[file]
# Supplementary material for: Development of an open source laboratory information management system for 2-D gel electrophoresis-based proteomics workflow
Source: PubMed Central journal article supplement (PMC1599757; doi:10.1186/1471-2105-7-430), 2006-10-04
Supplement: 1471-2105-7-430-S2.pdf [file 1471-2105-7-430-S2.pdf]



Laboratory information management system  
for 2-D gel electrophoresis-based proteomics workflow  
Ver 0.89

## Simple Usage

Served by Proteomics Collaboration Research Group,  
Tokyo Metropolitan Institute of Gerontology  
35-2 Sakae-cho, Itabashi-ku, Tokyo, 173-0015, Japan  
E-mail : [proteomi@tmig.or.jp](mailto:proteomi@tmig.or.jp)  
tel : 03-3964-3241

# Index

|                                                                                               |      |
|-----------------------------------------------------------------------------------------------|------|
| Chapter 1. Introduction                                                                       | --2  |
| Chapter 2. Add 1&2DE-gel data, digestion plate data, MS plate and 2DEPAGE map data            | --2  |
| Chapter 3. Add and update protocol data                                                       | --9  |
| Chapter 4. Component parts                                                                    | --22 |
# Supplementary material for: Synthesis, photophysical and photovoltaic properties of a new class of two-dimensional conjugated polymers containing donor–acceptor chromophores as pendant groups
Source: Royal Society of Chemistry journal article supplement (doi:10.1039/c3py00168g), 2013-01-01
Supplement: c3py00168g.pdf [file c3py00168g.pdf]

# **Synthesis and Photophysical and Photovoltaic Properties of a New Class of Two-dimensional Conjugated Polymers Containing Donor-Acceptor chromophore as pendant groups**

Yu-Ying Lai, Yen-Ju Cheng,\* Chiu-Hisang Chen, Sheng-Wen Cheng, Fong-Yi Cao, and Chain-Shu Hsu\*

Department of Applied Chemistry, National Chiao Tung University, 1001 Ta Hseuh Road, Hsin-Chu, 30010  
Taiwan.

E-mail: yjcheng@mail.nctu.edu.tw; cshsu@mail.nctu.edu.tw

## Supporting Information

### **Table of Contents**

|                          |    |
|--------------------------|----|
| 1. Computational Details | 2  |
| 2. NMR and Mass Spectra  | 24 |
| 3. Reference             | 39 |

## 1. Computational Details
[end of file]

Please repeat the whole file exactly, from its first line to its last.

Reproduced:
# Supplementary material for: Development of an open source laboratory information management system for 2-D gel electrophoresis-based proteomics workflow
Source: PubMed Central journal article supplement (PMC1599757; doi:10.1186/1471-2105-7-430), 2006-10-04
Supplement: 1471-2105-7-430-S2.pdf [file 1471-2105-7-430-S2.pdf]



Laboratory information management system  
for 2-D gel electrophoresis-based proteomics workflow  
Ver 0.89

## Simple Usage

Served by Proteomics Collaboration Research Group,  
Tokyo Metropolitan Institute of Gerontology  
35-2 Sakae-cho, Itabashi-ku, Tokyo, 173-0015, Japan  
E-mail : [proteomi@tmig.or.jp](mailto:proteomi@tmig.or.jp)  
tel : 03-3964-3241

# Index

|                                                                                               |      |
|-----------------------------------------------------------------------------------------------|------|
| Chapter 1. Introduction                                                                       | --2  |
| Chapter 2. Add 1&2DE-gel data, digestion plate data, MS plate and 2DEPAGE map data            | --2  |
| Chapter 3. Add and update protocol data                                                       | --9  |
| Chapter 4. Component parts                                                                    | --22 |
# Supplementary material for: Synthesis, photophysical and photovoltaic properties of a new class of two-dimensional conjugated polymers containing donor–acceptor chromophores as pendant groups
Source: Royal Society of Chemistry journal article supplement (doi:10.1039/c3py00168g), 2013-01-01
Supplement: c3py00168g.pdf [file c3py00168g.pdf]

# **Synthesis and Photophysical and Photovoltaic Properties of a New Class of Two-dimensional Conjugated Polymers Containing Donor-Acceptor chromophore as pendant groups**

Yu-Ying Lai, Yen-Ju Cheng,\* Chiu-Hisang Chen, Sheng-Wen Cheng, Fong-Yi Cao, and Chain-Shu Hsu\*

Department of Applied Chemistry, National Chiao Tung University, 1001 Ta Hseuh Road, Hsin-Chu, 30010  
Taiwan.

E-mail: yjcheng@mail.nctu.edu.tw; cshsu@mail.nctu.edu.tw

## Supporting Information

### **Table of Contents**

|                          |    |
|--------------------------|----|
| 1. Computational Details | 2  |
| 2. NMR and Mass Spectra  | 24 |
| 3. Reference             | 39 |

## 1. Computational Details